Last month, we celebrated the birthday of Jonah Kūhiō Kalaniana‘ole. Celebrations were held on Hawai‘i Island, Maui, Moloka‘i, Kaua‘i, and O‘ahu, to commemorate his birthday and celebrate his legacy.
Born of nobility in 1871, Kūhiō was a Prince of the House of Kalākaua who received an education in Honolulu and overseas. Following the illegal overthrow of Queen Lili‘uokalani, Kūhiō participated in a rebellion against the Republic of Hawai‘i in 1895, and was imprisoned for a year.
Kūhiō is also remembered as a statesman, who first served the Kingdom of Hawai‘i’s Department of Interior under King Kalākaua. Later, he would go on to become the Territory of Hawai‘i’s second Delegate to the United States House of Representatives, succeeding Robert Wilcox. Kūhiō would win ten elections to Congress, serving from 1903 until his death in 1922. It is noteworthy and inspiring that both of Hawai‘i’s first two Delegates to Congress, Kūhiō and Robert Wilcox, were both Native Hawaiian.
During his tenure in Congress, Kūhiō’s milestone legislative success was the enactment of the Hawaiian Homes Commission Act. The Hawaiian Homes Commission Act, passed by Congress and signed into law by President Warren G. Harding in 1921, continues to benefit the beneficiary lessees who reside on Hawaiian homestead lands statewide to this day. Although Kūhiō initially had a larger vision for the HHCA than what became the resulting law, it is historic that he was able to secure its passage despite not having voting privileges in the House. He did so through establishing strong relationships with his colleagues in Congress.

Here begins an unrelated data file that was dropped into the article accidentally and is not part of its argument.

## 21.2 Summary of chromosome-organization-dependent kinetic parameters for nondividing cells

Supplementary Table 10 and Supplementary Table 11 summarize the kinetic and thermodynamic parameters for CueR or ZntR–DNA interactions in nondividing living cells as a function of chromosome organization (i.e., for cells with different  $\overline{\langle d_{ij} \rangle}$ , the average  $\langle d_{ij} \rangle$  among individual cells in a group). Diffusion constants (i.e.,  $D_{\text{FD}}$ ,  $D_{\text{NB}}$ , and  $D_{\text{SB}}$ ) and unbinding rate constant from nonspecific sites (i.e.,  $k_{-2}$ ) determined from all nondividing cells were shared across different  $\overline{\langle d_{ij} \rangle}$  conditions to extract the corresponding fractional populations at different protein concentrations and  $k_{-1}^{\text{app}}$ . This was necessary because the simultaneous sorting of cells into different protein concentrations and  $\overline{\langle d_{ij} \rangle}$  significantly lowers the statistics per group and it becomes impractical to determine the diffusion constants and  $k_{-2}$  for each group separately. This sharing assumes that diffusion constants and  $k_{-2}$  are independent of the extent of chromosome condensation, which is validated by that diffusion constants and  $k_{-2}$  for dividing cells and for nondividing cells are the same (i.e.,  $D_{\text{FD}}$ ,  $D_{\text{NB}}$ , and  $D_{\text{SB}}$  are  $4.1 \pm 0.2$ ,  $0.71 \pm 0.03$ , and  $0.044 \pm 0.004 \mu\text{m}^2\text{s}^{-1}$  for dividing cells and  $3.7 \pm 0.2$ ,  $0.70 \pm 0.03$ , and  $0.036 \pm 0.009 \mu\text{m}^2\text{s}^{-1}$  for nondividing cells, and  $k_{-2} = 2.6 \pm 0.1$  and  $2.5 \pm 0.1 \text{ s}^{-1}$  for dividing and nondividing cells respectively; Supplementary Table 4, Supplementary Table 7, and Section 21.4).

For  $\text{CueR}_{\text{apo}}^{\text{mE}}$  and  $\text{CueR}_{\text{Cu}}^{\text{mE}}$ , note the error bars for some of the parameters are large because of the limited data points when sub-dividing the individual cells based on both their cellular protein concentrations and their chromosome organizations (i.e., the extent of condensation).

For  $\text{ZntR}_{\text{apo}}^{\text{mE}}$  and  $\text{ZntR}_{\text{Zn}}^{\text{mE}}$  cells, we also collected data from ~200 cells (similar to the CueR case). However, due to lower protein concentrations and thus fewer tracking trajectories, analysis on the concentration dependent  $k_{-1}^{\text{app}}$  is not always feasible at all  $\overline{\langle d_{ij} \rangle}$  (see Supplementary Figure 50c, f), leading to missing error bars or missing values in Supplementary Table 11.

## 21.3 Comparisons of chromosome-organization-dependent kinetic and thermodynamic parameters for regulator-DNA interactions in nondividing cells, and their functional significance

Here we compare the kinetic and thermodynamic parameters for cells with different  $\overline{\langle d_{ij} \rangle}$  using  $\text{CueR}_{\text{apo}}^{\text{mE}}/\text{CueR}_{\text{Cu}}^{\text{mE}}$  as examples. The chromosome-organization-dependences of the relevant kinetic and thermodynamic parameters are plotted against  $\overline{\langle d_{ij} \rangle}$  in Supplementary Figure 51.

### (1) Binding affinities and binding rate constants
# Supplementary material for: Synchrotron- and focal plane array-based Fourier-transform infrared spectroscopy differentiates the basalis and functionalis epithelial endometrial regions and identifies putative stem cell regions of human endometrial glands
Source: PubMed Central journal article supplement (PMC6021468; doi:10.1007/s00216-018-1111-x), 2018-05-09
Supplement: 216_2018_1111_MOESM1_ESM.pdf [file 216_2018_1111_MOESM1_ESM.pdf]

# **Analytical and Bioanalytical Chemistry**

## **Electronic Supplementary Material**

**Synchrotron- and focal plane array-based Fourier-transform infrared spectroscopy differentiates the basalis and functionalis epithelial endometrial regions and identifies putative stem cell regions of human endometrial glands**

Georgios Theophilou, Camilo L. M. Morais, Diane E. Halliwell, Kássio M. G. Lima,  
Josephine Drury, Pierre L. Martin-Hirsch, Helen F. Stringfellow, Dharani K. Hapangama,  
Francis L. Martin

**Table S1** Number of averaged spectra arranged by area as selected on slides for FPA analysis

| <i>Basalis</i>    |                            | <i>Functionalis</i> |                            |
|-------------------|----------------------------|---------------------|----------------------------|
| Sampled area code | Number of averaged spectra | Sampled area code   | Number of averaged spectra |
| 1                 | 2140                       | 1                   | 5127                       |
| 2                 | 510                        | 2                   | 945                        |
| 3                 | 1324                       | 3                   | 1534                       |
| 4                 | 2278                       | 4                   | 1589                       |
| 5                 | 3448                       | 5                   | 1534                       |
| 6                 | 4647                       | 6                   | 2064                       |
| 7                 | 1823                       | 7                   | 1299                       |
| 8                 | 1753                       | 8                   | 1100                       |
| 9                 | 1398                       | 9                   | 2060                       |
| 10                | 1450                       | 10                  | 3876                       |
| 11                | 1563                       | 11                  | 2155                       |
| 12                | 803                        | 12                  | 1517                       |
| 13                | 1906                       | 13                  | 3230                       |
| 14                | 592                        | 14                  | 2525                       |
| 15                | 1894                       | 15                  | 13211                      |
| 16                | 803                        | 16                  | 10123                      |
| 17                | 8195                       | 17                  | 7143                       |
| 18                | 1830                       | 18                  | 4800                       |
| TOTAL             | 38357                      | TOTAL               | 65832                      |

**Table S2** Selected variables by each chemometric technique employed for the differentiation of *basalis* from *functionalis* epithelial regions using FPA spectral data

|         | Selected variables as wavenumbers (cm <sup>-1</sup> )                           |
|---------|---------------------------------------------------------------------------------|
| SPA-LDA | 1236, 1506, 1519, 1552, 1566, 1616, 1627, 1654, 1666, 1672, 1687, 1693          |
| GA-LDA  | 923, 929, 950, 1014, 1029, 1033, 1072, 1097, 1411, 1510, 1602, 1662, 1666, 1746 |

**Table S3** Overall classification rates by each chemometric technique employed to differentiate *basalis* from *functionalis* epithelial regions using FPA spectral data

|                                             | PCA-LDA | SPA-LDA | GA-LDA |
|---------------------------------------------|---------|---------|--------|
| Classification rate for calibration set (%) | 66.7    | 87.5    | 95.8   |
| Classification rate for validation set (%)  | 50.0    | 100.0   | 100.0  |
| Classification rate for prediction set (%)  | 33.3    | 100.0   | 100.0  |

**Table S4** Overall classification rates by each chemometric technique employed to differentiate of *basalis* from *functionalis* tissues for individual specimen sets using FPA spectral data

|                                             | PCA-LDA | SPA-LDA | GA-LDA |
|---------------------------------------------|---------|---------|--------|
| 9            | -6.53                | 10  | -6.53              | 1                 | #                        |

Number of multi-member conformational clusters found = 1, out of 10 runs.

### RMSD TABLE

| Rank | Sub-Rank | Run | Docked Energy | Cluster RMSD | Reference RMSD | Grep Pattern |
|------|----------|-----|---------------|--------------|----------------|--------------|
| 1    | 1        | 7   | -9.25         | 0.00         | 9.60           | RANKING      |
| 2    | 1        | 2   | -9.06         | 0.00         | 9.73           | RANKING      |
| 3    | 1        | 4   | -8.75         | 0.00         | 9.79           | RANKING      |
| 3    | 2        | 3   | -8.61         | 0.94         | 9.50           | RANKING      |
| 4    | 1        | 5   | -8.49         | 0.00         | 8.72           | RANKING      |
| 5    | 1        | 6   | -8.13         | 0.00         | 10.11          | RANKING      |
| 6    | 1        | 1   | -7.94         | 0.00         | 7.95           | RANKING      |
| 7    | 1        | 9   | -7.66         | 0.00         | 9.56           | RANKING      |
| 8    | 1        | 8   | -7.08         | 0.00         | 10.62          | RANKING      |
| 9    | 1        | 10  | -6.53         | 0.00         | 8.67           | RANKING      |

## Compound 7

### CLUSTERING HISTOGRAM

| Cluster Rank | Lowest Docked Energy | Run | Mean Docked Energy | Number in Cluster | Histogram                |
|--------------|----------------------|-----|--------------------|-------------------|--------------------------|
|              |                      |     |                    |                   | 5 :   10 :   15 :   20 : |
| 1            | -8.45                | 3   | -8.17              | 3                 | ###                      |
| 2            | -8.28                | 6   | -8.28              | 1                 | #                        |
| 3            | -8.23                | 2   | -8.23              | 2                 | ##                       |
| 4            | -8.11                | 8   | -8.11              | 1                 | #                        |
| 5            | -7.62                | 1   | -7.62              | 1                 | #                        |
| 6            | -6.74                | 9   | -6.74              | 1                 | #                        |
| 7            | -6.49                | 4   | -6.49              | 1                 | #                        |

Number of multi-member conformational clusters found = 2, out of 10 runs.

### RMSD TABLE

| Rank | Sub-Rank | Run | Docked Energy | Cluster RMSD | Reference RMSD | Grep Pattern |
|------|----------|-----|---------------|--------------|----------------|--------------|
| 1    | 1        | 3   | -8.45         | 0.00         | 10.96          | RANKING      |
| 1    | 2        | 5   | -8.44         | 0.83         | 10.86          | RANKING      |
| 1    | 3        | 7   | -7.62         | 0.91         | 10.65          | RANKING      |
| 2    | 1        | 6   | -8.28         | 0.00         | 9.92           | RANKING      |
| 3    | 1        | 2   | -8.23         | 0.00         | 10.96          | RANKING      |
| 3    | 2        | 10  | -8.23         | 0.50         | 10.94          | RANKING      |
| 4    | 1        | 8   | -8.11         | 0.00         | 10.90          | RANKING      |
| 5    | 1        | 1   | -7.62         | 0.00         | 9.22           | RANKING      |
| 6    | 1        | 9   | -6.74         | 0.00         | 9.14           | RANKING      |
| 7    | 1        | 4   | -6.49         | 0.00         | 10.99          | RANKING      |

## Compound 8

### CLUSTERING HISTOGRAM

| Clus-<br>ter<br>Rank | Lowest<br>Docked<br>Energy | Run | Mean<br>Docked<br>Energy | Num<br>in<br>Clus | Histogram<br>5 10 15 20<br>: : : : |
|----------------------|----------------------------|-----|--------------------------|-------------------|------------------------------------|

Kūhiō’s contributions in civic leadership are also significant in the Hawaiian Civic Club movement, which has been celebrating its 100th year anniversary since December of 2018. Kūhiō was the founder of this movement, and of the Hawaiian Civic Club of Honolulu, often called the “mother club.” These numerous civic clubs continue to serve communities across Hawai‘i and even on the U.S. continent. Civic club leaders are prominent advocates for Hawai‘i and for Native Hawaiian at all levels of government, but particularly at the Hawai‘i State Legislature.
These are just two ways we see Kūhiō’s contributions to Hawai‘i. We honor his memory in many ways. Throughout Hawai‘i, we have roads, parks, beaches, and schools named in his honor, and even statues of him. We have not forgotten his accomplishments and we have much work to continue in his proud legacy.